Bréa, Laromiguière, inv. 25045, J.179.104: this is signed and dated 1813 (which is not stated in XS p. 326), and so does not belong in the book.

D’après Carriera, Löwendal, inv. 35113/MV 4466/J.21.0718: this is not a copy of a known Carriera pastel, but a pastiche after Carriera’s pastel of Ambrose Philips (J.21.0854), a version of which was erroneously described as of “Philipps Dashwood” in Salmon 1997. The opportunity should have been taken to correct the entry.

As Ducreux, Marie Christine, inv. 35422/J.285.5691: Salmon 1997 was “attr.”, a qualification that has disappeared. This remains a problem picture, with several unreported related versions.

As Ducreux, Choderlos de Laclos, inv. 27625/J.285.261: Salmon 1997 was “attr.”, a qualification that has (correctly in my view) disappeared.

Morel, inv. RF 1187/J.5448.101: In 1997 XS mentioned only Jean-Paul Morel, following Ratouis de Limay 1946. My researches identified the artist reçu in 1759 as just “Jean Morel”, which XS now follows (unacknowledged).

Suzanne Roslin, Dumont, inv. 32737/J.63.112: recent bibliographie adds Stein 1997, fig. 58; Vallayer-Coster 2002, p. 78; Renard 2003, p. 113 repr.

Schmidt, Choiseul & Jarente (inv. 35108/J.662.118; 35107/J.662.16): the signature which was difficult to read on the latter has now been (correctly) deciphered (neither I nor XS in 1997 had been able to do so), but the reattribution of these since 1997 is not explained on p. 332; a cross reference to p. 270 would help but even there the explanation is incomplete. The Dictionary lists a number of related items.

Voïart, Rouget de Lisle inv. 35277/J.7724.101. This work was done in 1835 and has no place in the catalogue.

Éc. fr. Alary: the correct inv. no. is 35159, not 35149. I agree that the pastel belongs among the anonymes.

Éc. fr. prince de Condé: J.1162.101. Bernd Pappe has attributed this in his 2015 catalogue raisonné of Augustin.

Éc. italienne, Don Philippe, inv. 35482/J.94.1025. Add Malinverni 2010, fig. 2 to bibliographie.


I could find no reference to the following pastels although they have Louvre inventory numbers and are included in the Inventaire informatisé:

Lambert, Homme Louvre inv. RF 41186; dep.: Gray, musée Baron Martin J.445.102

Vivien, un abbé Louvre inv. RF 41187; dep.: Tours, mBA J.77.349

École française xviiie, Menou Louvre RF 2004; dep.: Versailles, MV 5343

Fouquet, Brissot Louvre RF 16680; dep.: Versailles, MV 6091

Table de Concordance

In addition to the above entries, the table omits cat. 115.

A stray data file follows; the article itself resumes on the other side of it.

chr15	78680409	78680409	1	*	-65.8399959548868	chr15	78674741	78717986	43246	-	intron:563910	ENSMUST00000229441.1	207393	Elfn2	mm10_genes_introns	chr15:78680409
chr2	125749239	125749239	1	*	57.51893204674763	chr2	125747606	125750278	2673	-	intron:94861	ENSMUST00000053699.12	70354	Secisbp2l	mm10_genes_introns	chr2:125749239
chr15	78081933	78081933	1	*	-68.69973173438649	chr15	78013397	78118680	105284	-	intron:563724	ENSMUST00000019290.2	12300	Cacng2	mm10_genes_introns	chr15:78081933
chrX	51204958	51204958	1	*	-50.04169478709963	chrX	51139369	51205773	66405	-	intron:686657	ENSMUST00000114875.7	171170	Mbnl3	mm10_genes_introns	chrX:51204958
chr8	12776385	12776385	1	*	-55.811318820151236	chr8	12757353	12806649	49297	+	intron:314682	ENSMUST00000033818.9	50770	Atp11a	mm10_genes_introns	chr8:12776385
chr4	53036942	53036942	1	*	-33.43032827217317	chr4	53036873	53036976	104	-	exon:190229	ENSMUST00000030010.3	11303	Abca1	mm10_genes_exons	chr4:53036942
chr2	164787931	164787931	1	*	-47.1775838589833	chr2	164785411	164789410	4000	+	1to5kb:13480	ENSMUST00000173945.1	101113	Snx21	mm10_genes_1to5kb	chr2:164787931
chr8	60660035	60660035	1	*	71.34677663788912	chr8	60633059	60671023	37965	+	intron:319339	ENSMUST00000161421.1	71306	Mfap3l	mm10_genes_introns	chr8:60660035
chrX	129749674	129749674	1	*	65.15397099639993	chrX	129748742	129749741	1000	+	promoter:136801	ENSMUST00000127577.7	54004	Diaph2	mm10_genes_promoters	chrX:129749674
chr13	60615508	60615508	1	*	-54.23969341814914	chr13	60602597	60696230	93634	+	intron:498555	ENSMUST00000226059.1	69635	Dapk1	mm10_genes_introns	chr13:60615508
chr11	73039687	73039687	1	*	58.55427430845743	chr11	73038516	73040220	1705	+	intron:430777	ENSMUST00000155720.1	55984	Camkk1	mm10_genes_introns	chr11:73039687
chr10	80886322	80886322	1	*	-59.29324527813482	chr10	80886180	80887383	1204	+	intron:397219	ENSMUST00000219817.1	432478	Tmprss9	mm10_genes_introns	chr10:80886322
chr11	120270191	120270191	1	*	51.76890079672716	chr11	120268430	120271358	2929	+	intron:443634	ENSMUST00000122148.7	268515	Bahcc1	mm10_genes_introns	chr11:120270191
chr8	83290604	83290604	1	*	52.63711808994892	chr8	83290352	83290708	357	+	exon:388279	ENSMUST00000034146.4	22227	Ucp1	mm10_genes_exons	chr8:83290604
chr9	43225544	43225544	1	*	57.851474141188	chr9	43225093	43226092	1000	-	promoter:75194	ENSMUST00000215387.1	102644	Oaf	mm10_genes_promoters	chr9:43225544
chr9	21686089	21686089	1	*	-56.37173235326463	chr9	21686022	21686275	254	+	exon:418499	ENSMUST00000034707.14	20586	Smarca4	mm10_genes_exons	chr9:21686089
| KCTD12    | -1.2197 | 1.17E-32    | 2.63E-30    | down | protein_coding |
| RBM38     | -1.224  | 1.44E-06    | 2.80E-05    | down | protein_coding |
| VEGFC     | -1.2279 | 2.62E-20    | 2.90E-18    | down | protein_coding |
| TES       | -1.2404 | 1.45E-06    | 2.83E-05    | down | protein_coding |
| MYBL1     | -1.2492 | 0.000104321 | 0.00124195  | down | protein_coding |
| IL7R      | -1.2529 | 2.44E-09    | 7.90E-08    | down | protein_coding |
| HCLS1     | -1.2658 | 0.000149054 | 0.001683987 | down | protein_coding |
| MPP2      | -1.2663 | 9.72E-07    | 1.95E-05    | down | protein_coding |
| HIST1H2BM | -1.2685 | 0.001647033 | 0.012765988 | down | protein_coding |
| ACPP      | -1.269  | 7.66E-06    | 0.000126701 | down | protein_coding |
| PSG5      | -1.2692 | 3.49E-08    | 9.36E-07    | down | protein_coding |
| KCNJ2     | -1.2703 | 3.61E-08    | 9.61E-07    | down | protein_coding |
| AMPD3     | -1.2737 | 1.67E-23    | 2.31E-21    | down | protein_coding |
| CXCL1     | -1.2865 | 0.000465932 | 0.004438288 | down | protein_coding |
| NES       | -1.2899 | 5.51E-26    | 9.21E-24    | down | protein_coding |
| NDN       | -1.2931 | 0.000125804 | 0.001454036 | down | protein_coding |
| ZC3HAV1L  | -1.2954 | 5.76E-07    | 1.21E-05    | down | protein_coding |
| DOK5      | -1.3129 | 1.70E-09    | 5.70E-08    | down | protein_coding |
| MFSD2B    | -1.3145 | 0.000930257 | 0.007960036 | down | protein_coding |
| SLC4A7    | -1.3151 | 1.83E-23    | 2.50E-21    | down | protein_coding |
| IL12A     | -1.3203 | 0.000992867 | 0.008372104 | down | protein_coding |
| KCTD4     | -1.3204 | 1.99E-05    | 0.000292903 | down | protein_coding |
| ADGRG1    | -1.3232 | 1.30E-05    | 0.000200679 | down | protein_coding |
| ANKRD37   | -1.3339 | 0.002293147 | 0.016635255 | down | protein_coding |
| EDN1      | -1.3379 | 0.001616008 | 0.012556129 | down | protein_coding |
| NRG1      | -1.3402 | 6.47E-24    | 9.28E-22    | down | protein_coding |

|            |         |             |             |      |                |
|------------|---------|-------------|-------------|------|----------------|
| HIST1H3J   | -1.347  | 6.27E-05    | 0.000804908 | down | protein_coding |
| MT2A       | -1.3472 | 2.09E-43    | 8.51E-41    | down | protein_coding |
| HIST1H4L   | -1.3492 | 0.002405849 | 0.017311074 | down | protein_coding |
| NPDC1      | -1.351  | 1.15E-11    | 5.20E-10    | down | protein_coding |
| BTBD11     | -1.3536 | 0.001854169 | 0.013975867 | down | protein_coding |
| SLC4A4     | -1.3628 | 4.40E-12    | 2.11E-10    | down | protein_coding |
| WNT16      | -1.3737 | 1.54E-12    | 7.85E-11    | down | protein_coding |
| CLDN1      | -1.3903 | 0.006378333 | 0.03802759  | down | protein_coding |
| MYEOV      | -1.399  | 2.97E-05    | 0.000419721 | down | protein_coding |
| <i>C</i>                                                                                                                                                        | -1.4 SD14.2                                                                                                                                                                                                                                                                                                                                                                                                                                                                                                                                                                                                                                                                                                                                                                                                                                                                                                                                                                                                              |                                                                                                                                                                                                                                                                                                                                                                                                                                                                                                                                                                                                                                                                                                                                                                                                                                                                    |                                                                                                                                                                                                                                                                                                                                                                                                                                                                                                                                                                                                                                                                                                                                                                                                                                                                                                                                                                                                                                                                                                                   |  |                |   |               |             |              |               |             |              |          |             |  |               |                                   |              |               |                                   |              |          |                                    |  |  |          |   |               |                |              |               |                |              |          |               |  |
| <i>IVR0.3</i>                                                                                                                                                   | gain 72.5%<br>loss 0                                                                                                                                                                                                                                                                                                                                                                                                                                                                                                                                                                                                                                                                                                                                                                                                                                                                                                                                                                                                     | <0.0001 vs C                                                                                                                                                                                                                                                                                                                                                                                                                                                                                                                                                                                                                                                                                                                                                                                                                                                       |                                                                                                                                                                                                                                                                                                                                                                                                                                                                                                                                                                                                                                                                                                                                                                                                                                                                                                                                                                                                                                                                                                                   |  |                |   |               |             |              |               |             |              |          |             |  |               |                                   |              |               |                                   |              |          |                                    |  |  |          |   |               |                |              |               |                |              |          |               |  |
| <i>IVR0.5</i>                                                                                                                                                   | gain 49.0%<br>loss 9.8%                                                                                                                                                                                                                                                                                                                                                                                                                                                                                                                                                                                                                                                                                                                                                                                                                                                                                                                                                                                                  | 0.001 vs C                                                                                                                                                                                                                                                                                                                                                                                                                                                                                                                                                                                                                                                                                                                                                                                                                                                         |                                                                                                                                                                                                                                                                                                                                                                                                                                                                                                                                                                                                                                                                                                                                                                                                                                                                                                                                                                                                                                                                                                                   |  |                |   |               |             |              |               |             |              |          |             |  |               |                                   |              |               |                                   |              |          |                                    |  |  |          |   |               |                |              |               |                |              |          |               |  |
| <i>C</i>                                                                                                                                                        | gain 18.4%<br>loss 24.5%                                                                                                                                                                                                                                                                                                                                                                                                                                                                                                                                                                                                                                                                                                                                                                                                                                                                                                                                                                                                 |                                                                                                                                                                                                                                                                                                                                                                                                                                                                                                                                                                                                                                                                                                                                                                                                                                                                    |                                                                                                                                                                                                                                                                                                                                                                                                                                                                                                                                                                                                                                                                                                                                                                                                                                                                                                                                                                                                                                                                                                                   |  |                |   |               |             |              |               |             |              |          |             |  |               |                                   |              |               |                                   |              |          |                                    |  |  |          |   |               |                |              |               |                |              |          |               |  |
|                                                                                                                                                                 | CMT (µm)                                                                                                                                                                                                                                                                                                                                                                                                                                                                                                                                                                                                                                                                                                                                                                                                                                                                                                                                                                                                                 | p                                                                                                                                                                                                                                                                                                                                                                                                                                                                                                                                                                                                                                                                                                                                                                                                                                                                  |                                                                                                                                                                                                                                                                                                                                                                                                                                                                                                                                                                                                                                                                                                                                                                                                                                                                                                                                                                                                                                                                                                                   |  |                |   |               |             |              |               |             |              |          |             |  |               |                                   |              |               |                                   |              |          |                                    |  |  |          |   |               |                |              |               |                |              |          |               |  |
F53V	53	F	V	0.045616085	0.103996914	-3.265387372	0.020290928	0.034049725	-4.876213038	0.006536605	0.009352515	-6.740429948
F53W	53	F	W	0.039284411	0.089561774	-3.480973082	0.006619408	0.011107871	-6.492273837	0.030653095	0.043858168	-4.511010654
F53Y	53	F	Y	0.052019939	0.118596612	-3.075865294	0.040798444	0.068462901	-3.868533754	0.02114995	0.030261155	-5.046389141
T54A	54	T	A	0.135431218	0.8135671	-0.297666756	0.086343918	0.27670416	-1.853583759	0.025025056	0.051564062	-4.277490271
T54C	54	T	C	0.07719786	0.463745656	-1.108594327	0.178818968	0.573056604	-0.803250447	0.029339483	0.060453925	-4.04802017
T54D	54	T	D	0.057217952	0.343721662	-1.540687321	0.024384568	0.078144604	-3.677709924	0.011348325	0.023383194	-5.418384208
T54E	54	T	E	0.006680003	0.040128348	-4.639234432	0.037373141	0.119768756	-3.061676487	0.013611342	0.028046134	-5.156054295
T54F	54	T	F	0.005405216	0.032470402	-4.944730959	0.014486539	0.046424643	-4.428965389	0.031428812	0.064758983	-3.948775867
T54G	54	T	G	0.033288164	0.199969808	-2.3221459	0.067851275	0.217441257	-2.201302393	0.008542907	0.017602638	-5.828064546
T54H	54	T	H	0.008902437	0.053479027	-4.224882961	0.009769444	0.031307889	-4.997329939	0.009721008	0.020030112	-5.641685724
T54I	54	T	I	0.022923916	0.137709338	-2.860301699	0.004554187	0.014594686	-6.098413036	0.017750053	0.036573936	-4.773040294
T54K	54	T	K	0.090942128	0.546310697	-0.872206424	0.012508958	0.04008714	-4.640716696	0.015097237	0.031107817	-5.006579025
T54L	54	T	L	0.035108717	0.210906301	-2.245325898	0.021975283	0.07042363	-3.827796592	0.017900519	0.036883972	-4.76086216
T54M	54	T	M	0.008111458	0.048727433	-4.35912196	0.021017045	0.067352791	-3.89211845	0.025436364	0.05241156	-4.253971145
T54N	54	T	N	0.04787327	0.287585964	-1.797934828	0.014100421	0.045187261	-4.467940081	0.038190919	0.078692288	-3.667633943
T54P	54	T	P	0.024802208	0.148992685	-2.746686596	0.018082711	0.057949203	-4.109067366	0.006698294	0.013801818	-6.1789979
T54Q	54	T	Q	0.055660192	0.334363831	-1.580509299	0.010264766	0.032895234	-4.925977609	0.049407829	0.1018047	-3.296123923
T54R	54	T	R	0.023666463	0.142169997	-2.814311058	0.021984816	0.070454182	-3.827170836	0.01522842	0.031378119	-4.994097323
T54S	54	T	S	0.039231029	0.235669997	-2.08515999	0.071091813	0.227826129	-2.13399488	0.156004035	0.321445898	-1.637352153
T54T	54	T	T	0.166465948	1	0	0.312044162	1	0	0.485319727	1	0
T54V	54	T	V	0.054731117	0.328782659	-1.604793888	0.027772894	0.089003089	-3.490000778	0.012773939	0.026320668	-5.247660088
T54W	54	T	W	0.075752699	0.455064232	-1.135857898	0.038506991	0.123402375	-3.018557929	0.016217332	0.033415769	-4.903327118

It also omits the pastels déposés unless they happen to be in Châteauroux.

The numerical sequence is not followed correctly (e.g. RF 1697).


p. 338: Salzbourg 2017. The name of the curator of the exhibition was not Xavier Salmon (a contributor and the author of the relevant notice), but Regina Kaltenbrunner.


It appears that far from being comprehensive (and while there are many references to general books that reproduce Louvre pastels), the bibliographies are a compilation of indirect secondary references. I have not looked into this systematically, but consider for example Lothar Brieger’s important early pastel survey. It was published without a year on the title page, but is generally reported as 1921. It may have been reprinted in 1923 (and other years) but as far as I know all the reprintings are identical and a single reference is all that should appear; XS prints the two side by side. “Brieger 1923” is the style in Arnoult 2014 where it is cited for cat. no. 113 (Mlle Huquier) but not for 117 (Cars). The only citations of Brieger I could find in XS were to no. 104 (as 1921; the Lundberg Boucher) and to 113 (as 1923), although there are at least nine more Louvre pastels reproduced in Brieger which are not cited in XS (nos. 27, 33, 42, 43, 44, 49, 90, 96, 117; inv. 27039).

There are of course numerous other omissions, particularly of non-French sources. Listing would be an endless task; here are a few examples. Adrian Bury’s 1971 study of La Tour may not be much missed, but the omission of Burns 2007 (full details of these omitted short form references are in the Dictionary bibliography) is more surprising. It seems that the only citations of Zolotov’s monnographs on La Tour (1960) and French portraiture (1968) are the handful Monnier included, although many other Louvre pastels (La Tour and Perronneau) were reproduced. Among the surveys of French eighteenth century art in which Louvre pastels make an occasional appearance, the omissions are aleatory: Bailey 2002, Chastel 1995 (with a Chardin pastel on the cover), etc.

“Levey et von Kalnein” [sic] is included, although Wend Graf Kalnein’s name precedes Michael Levey’s on the title page (the later edition by Levey solo is better illustrated, but not mentioned). Guiffrey & Marcel is by “Jean Guiffrey”, not Jean-Jules (his full names were Georges-Henri-Jean; his father’s, Jules-Marie-Joseph).


From → Art history

Leave a Comment

Leave a Reply

Fill in your details below or click an icon to log in: Logo

You are commenting using your account. Log Out /  Change )

Google+ photo

You are commenting using your Google+ account. Log Out /  Change )

Twitter picture

You are commenting using your Twitter account. Log Out /  Change )

Facebook photo

You are commenting using your Facebook account. Log Out /  Change )

Connecting to %s

%d bloggers like this: